After more than forty years apart, Andreas and Claire embark on an affair as reckless and intense as when they were young lovers. Widowed musician Andreas decides to get back in touch with ... See full summary »
After more than forty years apart, Andreas and Claire embark on an affair as reckless and intense as when they were young lovers. Widowed musician Andreas decides to get back in touch with his one great love, Claire, who is still married to her first husband, John. Andreas and Claire find that the connection they shared when they were young is still there and they soon become involved in a rekindled love affair. However, this time around, there are more complications, including the possibilities of ill health and death, as well as the impact their relationship might have on John. Written by
Sujit R. Varma
" They've (the audience) been desensitized -- they've been Pulp Fiction-ized. I don't condemn that, but we cannot live without love, we cannot live like this. At the end of this film, I wanted to say that love is the only thing that matters, and those who think that is naïve are wrong." -- Paul Cox.
In Innocence, a sweet film by Australian director, Paul Cox, a couple approaching seventy rekindle a love affair that started almost fifty years ago. Andreas (Charles "Bud" Tingwell), a widowed organist and music teacher, decides to write to Claire (Julia Blake), the woman he was in love with in Belgium in his youth. Claire has been putting up with a joyless marriage for the last twenty years with her husband John (Terry Norris) and agrees to meet Andreas to catch up on things. I guess you know where this is going. That's right, the two pick up right where they left off. John is hurt by his wife's infidelity and comes off as obtuse, even though it is evident that Claire has never taken any responsibility for the quality of their relationship.
It is nice to see that at least one director realizes that people over the age of thirty can actually experience physical sensation; however, will someone please tell Mr. Cox that there is more to growing old than talking about memories and anticipating death. Mr. Cox is an honest filmmaker who has his heart in the right place and no doubt wishes to restore some humanity to the cinema. I applaud him for that. Unfortunately, for me, this work comes across as strained and somewhat precious. It plays like a seventy-something TV movie special with all the pretensions of a serious art film. Cox uses dream sequences, flashbacks, jump cuts, and poetic music as if he was operating from a manual about how to make a serious art film.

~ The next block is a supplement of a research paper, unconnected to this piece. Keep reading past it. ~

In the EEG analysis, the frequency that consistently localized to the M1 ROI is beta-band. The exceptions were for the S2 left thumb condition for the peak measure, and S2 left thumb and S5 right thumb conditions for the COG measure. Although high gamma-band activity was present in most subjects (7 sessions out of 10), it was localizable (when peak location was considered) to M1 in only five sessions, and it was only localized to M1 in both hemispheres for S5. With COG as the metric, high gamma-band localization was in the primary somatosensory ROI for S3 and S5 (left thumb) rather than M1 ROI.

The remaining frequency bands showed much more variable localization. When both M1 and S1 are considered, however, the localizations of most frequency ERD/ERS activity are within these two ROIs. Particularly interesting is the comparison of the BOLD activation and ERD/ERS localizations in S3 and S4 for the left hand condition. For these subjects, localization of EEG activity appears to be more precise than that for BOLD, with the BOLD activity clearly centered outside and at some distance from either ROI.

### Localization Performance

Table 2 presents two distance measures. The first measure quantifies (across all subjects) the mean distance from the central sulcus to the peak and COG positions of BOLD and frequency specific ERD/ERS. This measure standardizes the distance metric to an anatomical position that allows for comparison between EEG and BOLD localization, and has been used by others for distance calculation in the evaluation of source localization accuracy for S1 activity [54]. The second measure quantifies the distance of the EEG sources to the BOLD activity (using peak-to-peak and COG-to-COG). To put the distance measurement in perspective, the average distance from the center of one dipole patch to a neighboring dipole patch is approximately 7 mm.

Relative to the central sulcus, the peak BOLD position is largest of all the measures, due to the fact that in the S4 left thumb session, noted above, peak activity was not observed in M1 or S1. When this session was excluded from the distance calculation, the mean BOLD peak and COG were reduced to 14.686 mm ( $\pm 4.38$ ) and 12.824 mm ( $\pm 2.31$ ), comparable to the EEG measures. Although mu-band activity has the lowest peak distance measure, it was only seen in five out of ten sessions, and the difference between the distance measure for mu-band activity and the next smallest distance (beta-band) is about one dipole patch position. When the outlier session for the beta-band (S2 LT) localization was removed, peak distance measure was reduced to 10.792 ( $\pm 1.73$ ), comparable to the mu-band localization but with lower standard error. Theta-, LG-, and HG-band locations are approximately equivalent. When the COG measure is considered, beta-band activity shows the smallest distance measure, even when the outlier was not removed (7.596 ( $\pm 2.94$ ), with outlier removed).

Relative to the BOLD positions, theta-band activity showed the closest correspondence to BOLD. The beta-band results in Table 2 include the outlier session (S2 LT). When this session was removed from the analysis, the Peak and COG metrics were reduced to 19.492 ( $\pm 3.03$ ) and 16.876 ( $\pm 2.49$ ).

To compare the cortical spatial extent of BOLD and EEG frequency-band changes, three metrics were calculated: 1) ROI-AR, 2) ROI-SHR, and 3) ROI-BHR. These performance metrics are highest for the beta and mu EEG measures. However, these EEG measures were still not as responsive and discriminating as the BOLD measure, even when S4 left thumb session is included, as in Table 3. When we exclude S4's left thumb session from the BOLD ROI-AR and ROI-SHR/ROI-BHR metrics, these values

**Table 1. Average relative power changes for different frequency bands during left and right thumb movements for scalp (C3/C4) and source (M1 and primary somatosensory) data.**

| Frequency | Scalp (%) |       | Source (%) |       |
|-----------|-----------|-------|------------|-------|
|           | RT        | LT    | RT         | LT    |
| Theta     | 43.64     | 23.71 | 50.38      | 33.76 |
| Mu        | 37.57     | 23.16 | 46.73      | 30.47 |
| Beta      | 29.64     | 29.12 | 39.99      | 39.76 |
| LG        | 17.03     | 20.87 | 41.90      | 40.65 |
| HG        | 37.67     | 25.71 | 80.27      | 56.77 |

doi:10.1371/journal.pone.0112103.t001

Most of the lovemaking is suggested and is always in good taste but even this is a problem. If your point is that older people are still capable of romantic love, then don't be afraid to show it. The theme of the renewal of love after many years can be moving and poetic as in the magnificent novel of Gabriel Garcia-Marquez, "Love in the Time of Cholera". While the novel had fully-realized characters, here I found the lovers so ordinary and uninteresting that I had difficulty making any emotional connection with them. Tingwell speaks his lines in a flat monotone and does not exude much charisma.
I think the biggest problem I had was the film's overreaching for effect. Repetitious flashbacks of the young lovers and ersatz profundity add up for me to an unsatisfying experience. That the actors perform as well as they do under the circumstances is a tribute to their skill and professionalism. Over and over, the characters are asked to recite endless cliches that sound like they come from "Touched by an Angel". For example: "Each phase of life has its own kind of love", and "If God were called Beauty or Love, I would believe in Him", and "What really matters is love, everything else is rubbish", and "She wants to be needed, that's the way women are", and "Love becomes more real the closer it comes to death", and "I'm suffering but you don't care".
All that is missing is Ryan O' Neal saying that love means never having to say you're too old. At the end Claire says to Andreas, "Let's go somewhere where we can shed a few tears together". On this last point, I would join them. For a film that is full of sincerity but becomes lost in its own unctuous self-importance, perhaps a few tears might be in order.
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